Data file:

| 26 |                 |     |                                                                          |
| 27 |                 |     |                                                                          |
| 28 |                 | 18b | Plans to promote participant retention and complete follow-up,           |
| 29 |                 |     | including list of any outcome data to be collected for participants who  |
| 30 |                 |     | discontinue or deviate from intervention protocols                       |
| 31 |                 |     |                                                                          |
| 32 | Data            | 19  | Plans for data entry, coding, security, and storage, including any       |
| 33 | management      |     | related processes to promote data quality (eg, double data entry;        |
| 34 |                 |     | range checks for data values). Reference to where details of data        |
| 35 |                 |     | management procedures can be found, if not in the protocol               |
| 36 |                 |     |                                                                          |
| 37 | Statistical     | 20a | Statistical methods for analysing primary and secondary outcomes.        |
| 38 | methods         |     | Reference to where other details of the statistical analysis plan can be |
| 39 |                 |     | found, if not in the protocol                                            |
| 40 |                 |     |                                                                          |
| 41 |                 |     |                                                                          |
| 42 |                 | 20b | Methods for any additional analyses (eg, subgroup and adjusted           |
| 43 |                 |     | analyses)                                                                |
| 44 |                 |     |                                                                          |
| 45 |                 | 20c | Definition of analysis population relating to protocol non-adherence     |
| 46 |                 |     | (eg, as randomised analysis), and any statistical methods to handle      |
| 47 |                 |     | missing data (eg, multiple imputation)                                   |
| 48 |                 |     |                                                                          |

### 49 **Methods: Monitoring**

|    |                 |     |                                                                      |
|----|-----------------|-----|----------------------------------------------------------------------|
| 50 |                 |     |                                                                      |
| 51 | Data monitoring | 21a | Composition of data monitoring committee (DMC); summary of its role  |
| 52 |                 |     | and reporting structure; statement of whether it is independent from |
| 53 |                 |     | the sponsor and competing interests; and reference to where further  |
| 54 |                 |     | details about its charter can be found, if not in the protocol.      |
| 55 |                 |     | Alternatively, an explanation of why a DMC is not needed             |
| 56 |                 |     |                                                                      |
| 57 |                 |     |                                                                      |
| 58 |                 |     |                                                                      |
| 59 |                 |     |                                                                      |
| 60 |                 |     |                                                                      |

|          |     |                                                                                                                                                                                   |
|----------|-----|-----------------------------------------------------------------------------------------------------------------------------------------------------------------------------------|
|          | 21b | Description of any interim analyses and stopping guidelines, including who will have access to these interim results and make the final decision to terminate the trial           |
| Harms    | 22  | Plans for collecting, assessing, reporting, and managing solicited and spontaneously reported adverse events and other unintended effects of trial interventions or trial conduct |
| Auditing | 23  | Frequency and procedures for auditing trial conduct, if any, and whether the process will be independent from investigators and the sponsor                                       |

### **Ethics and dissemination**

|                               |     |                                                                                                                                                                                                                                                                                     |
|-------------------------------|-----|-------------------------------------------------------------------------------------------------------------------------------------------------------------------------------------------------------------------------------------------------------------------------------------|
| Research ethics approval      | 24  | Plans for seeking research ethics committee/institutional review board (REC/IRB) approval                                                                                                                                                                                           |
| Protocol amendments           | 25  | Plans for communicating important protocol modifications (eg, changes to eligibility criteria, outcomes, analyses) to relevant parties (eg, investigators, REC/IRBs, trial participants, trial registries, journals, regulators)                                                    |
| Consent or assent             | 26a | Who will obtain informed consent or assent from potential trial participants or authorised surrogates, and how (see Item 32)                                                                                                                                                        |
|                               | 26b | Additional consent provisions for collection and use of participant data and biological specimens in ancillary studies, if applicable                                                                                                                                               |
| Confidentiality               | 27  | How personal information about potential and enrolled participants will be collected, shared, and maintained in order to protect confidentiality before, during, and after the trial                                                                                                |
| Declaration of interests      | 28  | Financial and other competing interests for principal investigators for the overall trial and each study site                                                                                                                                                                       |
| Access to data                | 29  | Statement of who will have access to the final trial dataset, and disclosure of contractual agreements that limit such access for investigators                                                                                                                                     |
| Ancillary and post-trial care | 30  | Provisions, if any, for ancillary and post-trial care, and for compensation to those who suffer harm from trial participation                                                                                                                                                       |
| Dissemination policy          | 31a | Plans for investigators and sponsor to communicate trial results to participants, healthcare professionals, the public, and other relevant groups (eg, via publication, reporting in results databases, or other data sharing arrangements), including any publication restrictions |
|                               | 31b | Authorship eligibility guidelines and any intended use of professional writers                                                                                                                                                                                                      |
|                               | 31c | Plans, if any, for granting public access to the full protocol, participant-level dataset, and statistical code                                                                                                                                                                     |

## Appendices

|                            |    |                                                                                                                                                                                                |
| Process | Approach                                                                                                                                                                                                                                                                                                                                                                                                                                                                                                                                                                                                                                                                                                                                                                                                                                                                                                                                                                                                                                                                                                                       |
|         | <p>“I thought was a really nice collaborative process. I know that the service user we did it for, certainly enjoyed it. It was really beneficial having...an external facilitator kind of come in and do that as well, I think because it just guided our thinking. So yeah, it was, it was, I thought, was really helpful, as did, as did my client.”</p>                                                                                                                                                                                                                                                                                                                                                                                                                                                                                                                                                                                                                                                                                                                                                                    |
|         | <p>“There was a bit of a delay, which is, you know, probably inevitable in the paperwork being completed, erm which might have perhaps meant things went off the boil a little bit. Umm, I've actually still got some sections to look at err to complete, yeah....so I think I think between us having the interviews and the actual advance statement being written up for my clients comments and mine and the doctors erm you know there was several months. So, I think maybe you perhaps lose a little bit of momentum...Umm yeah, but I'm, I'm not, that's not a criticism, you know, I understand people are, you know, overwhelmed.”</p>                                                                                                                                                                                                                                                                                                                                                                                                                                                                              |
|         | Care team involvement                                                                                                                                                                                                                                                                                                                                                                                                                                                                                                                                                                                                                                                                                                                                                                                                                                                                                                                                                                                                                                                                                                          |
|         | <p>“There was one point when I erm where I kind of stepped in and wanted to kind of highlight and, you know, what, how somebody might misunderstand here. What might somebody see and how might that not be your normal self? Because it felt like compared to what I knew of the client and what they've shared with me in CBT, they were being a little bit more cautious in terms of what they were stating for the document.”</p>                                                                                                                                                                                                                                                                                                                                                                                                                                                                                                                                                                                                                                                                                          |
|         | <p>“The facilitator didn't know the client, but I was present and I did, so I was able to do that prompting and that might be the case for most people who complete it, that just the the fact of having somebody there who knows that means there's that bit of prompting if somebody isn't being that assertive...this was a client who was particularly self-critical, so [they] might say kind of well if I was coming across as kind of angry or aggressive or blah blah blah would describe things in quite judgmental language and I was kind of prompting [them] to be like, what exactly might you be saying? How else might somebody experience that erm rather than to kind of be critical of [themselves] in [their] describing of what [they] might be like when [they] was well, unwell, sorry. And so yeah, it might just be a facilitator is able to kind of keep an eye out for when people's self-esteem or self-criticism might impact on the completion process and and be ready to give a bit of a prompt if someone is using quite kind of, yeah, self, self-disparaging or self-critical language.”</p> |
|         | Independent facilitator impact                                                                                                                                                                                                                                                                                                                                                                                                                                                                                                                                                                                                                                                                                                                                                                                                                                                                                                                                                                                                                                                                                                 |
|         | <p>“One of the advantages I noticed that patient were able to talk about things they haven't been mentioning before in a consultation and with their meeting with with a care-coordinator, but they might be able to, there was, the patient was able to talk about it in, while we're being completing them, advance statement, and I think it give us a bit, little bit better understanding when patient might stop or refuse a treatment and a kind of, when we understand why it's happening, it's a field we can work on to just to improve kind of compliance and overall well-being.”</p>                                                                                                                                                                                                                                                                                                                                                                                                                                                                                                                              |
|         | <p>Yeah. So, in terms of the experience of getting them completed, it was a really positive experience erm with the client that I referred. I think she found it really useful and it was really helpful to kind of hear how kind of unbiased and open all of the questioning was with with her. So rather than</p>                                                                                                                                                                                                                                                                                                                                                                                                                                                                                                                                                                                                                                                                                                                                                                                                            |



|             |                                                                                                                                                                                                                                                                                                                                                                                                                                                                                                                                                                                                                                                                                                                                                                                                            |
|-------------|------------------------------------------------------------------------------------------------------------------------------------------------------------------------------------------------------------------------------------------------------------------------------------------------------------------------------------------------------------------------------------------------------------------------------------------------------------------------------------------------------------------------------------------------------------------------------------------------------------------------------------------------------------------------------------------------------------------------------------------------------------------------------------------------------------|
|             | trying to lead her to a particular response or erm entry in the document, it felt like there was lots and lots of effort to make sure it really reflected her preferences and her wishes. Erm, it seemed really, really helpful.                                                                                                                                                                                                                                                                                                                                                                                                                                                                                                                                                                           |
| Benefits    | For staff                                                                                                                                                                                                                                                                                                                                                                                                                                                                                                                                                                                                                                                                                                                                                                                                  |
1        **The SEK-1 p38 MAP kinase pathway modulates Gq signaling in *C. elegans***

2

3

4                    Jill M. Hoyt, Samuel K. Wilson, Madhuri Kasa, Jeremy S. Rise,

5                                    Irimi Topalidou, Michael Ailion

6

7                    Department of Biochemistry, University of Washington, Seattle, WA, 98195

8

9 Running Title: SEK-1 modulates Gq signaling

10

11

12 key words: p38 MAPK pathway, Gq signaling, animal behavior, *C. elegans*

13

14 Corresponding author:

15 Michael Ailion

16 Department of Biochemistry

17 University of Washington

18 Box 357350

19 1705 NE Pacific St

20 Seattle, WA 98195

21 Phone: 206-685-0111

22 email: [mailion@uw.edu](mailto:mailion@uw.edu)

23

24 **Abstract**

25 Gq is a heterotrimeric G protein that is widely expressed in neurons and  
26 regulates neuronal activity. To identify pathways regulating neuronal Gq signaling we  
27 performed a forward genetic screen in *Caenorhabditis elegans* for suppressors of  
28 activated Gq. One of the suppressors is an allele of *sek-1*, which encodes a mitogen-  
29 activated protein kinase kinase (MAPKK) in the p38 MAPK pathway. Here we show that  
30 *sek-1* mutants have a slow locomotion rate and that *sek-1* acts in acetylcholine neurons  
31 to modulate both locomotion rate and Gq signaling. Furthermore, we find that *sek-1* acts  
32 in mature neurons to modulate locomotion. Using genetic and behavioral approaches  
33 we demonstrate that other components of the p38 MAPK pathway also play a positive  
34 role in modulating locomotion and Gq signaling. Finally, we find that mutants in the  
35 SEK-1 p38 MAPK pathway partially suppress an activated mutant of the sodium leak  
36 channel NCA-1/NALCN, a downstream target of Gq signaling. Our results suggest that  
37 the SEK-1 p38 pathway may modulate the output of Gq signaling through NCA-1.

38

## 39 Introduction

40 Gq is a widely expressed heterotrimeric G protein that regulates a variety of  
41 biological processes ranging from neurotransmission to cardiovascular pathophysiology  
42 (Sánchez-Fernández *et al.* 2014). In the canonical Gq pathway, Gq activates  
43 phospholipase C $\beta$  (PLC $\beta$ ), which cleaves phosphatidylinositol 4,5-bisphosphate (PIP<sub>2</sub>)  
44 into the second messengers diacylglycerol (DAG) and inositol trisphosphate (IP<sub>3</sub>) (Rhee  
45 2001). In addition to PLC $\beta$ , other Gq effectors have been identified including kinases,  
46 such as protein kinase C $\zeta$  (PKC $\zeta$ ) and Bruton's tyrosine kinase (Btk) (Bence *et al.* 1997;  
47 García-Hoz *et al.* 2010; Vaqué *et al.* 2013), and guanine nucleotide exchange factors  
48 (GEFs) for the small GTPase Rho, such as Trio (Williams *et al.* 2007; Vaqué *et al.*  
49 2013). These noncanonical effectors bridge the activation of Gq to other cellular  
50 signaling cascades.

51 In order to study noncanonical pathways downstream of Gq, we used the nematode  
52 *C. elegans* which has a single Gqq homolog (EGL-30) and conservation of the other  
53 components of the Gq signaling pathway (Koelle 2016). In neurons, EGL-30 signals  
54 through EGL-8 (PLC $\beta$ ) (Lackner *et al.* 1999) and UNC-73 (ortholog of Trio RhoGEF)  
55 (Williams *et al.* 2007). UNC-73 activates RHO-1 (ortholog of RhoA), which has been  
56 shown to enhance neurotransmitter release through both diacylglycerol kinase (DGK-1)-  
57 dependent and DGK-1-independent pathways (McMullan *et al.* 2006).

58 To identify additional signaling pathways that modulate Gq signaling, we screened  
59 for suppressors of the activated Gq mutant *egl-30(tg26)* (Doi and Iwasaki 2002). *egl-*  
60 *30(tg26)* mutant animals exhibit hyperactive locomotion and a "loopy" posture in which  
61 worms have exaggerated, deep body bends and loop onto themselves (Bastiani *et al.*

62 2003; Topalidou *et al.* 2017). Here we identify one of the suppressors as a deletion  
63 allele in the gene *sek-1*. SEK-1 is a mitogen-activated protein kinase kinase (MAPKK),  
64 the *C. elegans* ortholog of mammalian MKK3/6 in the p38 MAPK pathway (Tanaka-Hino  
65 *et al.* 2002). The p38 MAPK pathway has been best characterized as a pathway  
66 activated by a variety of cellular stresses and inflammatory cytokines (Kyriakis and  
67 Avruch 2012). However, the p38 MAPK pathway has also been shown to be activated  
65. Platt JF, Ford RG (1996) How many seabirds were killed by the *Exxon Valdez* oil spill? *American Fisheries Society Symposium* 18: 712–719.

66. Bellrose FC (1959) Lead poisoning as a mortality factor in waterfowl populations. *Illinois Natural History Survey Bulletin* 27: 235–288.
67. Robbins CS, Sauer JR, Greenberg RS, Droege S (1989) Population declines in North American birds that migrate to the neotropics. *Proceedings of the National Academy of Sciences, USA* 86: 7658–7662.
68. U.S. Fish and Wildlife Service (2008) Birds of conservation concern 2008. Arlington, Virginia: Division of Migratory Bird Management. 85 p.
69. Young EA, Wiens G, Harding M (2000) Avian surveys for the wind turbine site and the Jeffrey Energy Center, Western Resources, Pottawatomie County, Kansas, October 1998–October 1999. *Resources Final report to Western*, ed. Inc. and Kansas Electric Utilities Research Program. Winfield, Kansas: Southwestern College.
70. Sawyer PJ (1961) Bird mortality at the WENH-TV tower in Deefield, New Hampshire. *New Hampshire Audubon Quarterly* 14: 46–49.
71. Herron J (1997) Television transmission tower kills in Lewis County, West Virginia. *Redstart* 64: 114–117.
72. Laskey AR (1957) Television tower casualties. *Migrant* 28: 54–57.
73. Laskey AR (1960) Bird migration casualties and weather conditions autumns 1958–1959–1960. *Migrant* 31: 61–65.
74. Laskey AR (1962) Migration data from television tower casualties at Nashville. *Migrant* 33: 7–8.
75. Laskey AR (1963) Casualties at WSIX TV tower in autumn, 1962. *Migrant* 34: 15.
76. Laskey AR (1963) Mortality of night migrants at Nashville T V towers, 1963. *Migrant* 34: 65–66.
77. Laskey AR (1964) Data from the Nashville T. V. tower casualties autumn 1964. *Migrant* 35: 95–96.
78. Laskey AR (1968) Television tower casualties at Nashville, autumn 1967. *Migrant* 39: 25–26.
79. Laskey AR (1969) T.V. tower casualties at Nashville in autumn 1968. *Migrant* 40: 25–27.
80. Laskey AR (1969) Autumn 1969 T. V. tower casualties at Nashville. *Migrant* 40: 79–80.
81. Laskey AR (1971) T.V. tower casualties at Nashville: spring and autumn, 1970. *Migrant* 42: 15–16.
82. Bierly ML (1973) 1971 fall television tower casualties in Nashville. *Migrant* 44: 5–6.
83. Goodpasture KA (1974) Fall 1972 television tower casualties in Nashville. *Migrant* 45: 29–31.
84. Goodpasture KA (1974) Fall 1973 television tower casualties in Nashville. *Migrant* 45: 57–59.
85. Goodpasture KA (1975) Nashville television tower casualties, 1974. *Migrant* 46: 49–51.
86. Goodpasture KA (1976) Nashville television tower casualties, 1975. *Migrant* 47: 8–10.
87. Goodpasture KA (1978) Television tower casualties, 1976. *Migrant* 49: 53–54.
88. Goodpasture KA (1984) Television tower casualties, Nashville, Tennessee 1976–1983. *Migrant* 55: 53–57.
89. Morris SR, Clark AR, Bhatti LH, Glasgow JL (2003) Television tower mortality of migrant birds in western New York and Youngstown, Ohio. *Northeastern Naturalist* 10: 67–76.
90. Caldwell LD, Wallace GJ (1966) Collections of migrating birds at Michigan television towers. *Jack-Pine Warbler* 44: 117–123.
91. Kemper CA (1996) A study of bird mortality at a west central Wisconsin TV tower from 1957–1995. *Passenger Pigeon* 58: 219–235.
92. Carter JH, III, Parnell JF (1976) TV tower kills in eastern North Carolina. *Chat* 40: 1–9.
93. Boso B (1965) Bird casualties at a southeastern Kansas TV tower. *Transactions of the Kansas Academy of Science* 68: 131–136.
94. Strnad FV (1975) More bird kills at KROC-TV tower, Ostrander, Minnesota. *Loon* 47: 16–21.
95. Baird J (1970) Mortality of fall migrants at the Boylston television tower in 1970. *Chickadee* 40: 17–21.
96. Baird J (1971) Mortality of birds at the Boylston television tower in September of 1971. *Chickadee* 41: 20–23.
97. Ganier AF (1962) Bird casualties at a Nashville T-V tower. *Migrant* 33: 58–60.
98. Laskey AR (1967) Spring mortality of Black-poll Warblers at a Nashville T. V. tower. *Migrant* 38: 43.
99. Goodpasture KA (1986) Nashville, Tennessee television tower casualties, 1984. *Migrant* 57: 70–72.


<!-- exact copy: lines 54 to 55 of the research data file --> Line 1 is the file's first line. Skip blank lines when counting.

| Dissemination policy          | 31a | Plans for investigators and sponsor to communicate trial results to participants, healthcare professionals, the public, and other relevant groups (eg, via publication, reporting in results databases, or other data sharing arrangements), including any publication restrictions |
|                               | 31b | Authorship eligibility guidelines and any intended use of professional writers                                                                                                                                                                                                      |